What’s in a Name?

Is it time for a change in terminology?

Why not call this site "Wide Awake Hand Surgery"? After all the definitive book on Walant (Wide Awake Local Anaesthetic No Tourniquet - or "Walnut" as my kids call it!) by one of the co-founders of this site is called Wide Awake Hand Surgery!


Well, there has been some debate over the years since Walant has been popular as to what to call it. Initially it was called Wide Awake Hand Surgery as the patients were…wide awake. The problem was that this also included those patients that had no sedation admittedly but they did have a more invasive and proximal nerve block, such as an axillary or supra-clavicular block. This gave them a wonderful sensory block at the expense of a motor block as well. This is not what hand surgeons mean by Wide Awake Hand Surgery. This is traditional hand surgery just omitting the sedation (or general anaesthetic) but nothing else. It's no different from normal.

Walant is a more radical departure from traditional practices of using a tourniquet, anaesthetist/anesthesiologist and having a "nice, dry" surgical field. The critical change when using Walant is the addition of adrenaline/epinephrine to the local anaesthetic (LA). Adding this negates the need for the tourniquet and the cascading benefits follow from there (see "benefits of Walant"). With no tourniquet, we don't need a regional or general anaesthetic to cover the pain that the tourniquet causes. With no more formal anaesthetic we don't need an anaesthetist (and the expensive paraphernalia that accompanies them!) and this opens the door for us to reduce costs, improve efficiency within the theatre system and importantly frees us from the shackle of using the main operating theatre. So Walant is different from Wide Awake Hand Surgery.

The term Walant was first introduced by Dr. Jerry Rubin on ASSH List Serv. in July 2011. It is a rather inelegant term but it certainly describes the technique better. In Indonesia, Dr. Theddeus Prasetyono refers to Walant in one his publications on this matter as "Tourniquet-free Hand Surgery" which is a somewhat simpler but all-encompassing term, implying the use of adrenaline/epinephrine.

So why not call the site Wide Awake Hand Surgery? This site is dedicated to extolling the virtues of Walant and we do not cover or intend to cover surgery using more proximal "regional" anaesthetic techniques. These are well described in Green's or other reference hand surgery textbooks. We will only be describing, promoting and teaching the use of adrenaline/epinephrine mixed with the LA that we inject.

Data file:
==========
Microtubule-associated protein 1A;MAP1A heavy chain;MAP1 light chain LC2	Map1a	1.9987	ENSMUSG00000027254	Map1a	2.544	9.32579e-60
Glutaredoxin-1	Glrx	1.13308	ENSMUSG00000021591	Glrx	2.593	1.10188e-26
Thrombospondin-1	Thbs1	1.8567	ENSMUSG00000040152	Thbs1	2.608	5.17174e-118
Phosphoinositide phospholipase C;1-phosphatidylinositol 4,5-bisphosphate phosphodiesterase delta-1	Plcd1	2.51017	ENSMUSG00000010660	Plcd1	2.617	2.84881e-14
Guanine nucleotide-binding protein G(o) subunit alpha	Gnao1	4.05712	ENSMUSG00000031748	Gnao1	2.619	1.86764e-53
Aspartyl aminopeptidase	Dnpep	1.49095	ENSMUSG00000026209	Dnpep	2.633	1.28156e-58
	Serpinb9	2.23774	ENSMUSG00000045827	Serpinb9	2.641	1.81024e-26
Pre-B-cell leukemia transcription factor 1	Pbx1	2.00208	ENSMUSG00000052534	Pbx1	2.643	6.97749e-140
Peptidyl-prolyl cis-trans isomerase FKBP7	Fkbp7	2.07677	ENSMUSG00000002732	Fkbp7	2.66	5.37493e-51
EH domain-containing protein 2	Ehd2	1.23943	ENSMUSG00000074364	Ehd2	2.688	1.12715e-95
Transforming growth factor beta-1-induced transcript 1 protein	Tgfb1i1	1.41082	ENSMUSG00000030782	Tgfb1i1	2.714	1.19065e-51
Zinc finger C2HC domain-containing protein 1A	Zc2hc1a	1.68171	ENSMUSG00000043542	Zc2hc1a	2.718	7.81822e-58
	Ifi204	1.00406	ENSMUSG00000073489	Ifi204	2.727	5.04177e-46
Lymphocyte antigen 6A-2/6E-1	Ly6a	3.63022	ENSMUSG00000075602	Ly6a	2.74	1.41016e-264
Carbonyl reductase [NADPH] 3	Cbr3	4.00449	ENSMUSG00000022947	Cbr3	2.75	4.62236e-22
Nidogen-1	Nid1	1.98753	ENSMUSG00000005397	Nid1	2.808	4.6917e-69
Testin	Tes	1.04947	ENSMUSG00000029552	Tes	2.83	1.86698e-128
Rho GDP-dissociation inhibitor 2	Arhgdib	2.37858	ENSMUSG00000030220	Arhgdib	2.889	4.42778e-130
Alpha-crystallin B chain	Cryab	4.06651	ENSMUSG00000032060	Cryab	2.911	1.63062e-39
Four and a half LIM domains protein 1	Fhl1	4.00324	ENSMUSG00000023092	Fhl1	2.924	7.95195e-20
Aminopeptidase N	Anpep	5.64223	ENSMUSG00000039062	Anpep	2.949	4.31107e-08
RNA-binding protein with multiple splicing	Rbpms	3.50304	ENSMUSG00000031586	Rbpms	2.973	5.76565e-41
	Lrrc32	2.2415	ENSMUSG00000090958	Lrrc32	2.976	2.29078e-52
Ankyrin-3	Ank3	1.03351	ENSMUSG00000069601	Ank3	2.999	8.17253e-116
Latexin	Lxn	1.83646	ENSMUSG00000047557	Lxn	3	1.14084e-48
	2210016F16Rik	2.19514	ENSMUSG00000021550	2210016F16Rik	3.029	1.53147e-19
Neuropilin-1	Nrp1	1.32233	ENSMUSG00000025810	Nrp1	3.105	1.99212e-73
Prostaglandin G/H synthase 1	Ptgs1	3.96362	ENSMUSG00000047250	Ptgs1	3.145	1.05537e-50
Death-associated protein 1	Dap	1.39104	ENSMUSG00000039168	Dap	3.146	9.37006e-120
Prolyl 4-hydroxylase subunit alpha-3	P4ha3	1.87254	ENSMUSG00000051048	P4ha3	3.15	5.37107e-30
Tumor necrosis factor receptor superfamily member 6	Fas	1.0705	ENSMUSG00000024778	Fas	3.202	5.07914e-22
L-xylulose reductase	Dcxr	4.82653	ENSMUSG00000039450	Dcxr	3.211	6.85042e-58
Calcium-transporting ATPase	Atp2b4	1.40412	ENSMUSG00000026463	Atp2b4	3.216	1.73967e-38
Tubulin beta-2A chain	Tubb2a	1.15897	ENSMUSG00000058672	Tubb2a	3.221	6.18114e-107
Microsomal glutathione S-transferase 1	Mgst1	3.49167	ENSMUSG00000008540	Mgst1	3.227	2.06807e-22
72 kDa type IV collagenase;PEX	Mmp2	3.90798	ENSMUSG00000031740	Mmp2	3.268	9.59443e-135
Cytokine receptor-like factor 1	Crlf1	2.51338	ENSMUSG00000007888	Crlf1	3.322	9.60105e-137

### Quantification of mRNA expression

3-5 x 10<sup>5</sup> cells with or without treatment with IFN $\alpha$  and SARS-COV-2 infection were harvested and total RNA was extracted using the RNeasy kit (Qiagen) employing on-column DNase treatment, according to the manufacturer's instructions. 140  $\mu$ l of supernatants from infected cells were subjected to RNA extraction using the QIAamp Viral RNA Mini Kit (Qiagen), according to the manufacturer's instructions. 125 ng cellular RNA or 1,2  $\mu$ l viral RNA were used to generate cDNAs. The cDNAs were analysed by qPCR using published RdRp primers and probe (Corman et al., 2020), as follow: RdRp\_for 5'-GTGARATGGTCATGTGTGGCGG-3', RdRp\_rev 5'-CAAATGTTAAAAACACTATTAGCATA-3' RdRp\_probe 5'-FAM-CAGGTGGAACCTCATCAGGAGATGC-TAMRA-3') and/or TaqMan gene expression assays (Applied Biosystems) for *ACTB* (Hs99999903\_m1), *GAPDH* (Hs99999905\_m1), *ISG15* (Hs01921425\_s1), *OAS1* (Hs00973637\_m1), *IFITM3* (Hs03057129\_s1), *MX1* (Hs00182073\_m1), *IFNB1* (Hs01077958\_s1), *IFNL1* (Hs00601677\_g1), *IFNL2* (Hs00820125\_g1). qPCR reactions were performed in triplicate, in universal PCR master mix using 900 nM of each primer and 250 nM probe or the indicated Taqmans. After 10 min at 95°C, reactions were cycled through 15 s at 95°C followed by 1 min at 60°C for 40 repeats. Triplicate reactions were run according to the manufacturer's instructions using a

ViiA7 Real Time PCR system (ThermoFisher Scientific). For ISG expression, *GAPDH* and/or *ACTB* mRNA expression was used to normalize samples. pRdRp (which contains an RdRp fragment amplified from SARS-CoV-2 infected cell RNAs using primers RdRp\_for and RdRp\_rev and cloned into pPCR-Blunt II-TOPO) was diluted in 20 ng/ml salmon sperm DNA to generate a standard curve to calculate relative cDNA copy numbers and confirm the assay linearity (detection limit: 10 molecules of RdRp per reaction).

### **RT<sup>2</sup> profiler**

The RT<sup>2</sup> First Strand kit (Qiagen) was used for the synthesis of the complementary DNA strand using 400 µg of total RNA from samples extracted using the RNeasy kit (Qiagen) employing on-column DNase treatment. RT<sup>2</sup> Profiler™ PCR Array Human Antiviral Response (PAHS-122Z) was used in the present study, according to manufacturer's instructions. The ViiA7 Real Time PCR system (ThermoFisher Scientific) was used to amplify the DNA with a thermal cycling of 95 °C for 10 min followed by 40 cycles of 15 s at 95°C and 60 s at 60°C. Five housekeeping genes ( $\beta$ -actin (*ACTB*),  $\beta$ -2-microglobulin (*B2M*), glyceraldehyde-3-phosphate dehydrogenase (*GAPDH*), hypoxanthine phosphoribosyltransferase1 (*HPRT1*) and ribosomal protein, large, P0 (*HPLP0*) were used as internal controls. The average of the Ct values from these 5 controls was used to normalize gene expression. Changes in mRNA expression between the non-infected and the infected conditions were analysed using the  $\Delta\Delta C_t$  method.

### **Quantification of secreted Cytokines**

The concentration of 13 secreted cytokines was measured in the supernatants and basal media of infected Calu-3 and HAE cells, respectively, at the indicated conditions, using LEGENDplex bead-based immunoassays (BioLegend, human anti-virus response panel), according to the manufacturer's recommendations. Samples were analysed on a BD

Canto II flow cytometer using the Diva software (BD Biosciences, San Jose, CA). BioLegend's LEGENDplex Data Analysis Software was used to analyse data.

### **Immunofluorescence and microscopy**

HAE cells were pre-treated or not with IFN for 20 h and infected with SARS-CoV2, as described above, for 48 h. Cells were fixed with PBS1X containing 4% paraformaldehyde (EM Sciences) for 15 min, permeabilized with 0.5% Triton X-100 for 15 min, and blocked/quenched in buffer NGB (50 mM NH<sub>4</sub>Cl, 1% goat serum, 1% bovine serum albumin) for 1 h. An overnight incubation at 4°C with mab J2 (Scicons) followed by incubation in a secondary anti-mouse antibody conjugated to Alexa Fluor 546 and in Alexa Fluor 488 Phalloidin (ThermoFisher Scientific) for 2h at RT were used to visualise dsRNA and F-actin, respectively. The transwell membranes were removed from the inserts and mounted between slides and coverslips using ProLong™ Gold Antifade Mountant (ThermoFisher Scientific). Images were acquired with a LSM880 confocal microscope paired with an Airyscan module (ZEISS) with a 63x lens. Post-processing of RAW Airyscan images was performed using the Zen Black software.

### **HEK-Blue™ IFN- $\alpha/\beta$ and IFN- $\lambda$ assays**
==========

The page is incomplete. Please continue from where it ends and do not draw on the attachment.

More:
Does using a tourniquet for a short time mean we are not using Walant? Certainly not, as I can testify to in my own surgery (radial sagittal band repair). I had a forearm tourniquet on for 20 minutes and it was a great deal less painful than I expected. I had scar tissue present from previous surgery so to delineate the layers more easily, my surgeon applied a tourniquet briefly but took it off once the dissection had been completed. Once the tourniquet was off I was able to fully flex and extend and the repair had been well and truly tested!

Adrenaline/EPINEPHRINE does not penetrate scar tissue and this is why Dupuytren's disease surgery is more difficult; because there are very small things in our surgical field that we don't want to damage, but there is also more fluid oozing from very small vessels that penetrate the diseased tissue that have not been constricted by the adrenaline. Adrenaline does not differentiate between scar and Dupuytren's disease; the adrenaline still cannot penetrate it. This is why Dupuytren's surgery is in the advanced section of the Walant University and we would certainly not recommend using Walant techniques (without a tourniquet, however briefly) when there is extensive scar tissue present, such as in some tendon surgery. Once you are more used to the surgical field being more moist, you can start to be bolder in the presence of scar but it is not for the uninitiated!

So is Walant the right term? I'm not sure about that either but it's the best we have, as they say! The issue I have is that the term "Walant" omits adrenaline/epinephrine from the description. I would argue that it is not the fact that we do not routinely use a tourniquet that sets this technique apart and it is not the same as the routine use of LA. We have shown that just being "wide awake" does not distinguish this technique from more traditional hand surgery. It is the addition of adrenaline/epinephrine to the LA that sparks the cascade of changes that benefit us when using this technique.

Perhaps we should call it "Surgery of the Hand with Active Movements" but I'm not sure the acronym will catch on (!) so for now we're stuck with Walant (or Wide Awake Hand Surgery). Any suggestions for other acronyms please leave in the comments section below.

About the Author

Don Lalonde and Ali Phillips are hand surgeons in Canada and the UK respectively. They are co-founders of Walant.Surgery and are helping the world adopt WALANT. Get in touch HERE